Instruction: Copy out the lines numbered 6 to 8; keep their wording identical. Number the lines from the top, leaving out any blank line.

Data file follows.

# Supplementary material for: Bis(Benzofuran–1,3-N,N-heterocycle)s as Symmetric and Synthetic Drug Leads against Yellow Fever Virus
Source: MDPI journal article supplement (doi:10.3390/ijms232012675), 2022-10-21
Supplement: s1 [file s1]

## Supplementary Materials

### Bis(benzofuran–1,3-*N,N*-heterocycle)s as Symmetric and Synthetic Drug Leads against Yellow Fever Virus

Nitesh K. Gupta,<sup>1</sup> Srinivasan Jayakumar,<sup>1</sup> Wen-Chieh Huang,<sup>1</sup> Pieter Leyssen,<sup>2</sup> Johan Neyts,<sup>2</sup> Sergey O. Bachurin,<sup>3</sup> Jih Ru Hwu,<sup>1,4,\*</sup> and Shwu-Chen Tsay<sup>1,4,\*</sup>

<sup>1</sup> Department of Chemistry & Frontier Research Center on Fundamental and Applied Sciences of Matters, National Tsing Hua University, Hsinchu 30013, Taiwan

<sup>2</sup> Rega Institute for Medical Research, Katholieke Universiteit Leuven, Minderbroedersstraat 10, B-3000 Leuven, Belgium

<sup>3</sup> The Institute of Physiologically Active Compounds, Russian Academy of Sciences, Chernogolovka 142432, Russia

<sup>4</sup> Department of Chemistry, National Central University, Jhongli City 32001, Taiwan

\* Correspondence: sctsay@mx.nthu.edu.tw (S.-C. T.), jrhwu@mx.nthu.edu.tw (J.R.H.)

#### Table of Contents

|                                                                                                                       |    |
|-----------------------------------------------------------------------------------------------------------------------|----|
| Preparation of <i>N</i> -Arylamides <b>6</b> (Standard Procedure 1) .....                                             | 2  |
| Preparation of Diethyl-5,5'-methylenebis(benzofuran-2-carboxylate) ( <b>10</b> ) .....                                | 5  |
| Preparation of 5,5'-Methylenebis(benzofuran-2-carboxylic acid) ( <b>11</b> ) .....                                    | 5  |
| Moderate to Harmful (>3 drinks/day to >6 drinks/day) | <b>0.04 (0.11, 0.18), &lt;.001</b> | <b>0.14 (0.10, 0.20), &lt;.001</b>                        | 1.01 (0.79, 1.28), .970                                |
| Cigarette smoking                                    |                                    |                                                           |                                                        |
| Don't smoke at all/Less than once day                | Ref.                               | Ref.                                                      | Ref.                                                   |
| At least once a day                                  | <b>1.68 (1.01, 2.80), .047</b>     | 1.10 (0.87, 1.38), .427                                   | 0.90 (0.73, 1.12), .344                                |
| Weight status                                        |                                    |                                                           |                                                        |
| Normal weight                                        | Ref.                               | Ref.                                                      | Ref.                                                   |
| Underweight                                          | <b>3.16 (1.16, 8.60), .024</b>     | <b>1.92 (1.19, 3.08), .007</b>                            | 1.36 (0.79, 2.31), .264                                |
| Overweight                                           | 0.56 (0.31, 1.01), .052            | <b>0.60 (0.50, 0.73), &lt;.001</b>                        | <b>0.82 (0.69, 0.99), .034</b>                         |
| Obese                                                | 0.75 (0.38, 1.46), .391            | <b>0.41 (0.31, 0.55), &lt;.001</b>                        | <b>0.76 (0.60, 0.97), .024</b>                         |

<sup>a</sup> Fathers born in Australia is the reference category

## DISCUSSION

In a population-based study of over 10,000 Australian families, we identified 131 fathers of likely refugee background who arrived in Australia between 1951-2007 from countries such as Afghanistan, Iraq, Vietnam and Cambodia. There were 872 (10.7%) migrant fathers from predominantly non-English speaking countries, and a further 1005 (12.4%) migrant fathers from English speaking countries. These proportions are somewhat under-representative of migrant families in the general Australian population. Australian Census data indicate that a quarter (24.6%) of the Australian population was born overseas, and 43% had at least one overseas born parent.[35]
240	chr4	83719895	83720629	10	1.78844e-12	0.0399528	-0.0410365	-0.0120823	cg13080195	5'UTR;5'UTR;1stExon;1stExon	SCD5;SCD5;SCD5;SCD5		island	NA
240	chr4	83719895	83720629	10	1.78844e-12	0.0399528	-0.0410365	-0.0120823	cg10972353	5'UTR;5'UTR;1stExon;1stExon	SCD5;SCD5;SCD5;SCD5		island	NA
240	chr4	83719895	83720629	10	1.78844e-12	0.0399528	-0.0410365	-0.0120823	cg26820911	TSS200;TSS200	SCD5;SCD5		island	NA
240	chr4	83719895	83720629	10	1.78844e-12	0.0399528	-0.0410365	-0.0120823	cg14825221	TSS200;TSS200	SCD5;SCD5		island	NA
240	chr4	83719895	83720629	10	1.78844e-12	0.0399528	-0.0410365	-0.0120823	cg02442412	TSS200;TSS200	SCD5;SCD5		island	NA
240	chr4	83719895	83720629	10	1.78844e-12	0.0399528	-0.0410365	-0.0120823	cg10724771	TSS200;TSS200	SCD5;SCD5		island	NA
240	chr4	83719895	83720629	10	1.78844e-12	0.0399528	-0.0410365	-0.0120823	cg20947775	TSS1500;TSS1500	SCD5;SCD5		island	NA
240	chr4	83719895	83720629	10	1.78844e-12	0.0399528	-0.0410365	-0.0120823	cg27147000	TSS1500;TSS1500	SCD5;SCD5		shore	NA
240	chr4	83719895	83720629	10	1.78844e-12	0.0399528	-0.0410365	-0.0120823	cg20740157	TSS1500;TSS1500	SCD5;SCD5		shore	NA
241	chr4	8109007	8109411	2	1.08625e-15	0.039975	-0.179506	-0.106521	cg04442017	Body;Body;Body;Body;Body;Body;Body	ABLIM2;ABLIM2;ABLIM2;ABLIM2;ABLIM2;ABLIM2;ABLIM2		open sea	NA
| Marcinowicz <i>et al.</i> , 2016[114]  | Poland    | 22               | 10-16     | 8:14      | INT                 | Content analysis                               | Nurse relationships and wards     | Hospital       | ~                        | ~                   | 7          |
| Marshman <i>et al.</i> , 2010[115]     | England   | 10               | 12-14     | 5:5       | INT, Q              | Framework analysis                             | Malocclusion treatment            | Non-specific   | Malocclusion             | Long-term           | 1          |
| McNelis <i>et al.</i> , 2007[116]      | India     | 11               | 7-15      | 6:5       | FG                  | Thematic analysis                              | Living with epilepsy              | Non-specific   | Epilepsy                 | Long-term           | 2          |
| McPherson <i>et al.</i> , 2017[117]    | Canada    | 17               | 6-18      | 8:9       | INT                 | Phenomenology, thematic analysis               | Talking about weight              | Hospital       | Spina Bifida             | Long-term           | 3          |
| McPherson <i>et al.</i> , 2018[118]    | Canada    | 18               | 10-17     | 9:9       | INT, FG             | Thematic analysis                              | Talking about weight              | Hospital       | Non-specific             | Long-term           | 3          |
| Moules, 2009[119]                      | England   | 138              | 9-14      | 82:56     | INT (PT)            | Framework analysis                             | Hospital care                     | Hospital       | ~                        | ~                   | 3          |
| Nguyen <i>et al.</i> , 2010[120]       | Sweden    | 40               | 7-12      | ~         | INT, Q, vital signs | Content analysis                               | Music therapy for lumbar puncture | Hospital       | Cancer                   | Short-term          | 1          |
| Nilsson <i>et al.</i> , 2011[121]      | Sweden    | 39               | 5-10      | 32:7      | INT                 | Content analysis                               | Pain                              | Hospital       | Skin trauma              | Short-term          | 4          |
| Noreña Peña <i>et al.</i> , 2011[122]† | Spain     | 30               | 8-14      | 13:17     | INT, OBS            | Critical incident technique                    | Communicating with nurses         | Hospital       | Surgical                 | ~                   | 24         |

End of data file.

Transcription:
Nitesh K. Gupta,<sup>1</sup> Srinivasan Jayakumar,<sup>1</sup> Wen-Chieh Huang,<sup>1</sup> Pieter Leyssen,<sup>2</sup> Johan Neyts,<sup>2</sup> Sergey O. Bachurin,<sup>3</sup> Jih Ru Hwu,<sup>1,4,\*</sup> and Shwu-Chen Tsay<sup>1,4,\*</sup>

<sup>1</sup> Department of Chemistry & Frontier Research Center on Fundamental and Applied Sciences of Matters, National Tsing Hua University, Hsinchu 30013, Taiwan

<sup>2</sup> Rega Institute for Medical Research, Katholieke Universiteit Leuven, Minderbroedersstraat 10, B-3000 Leuven, Belgium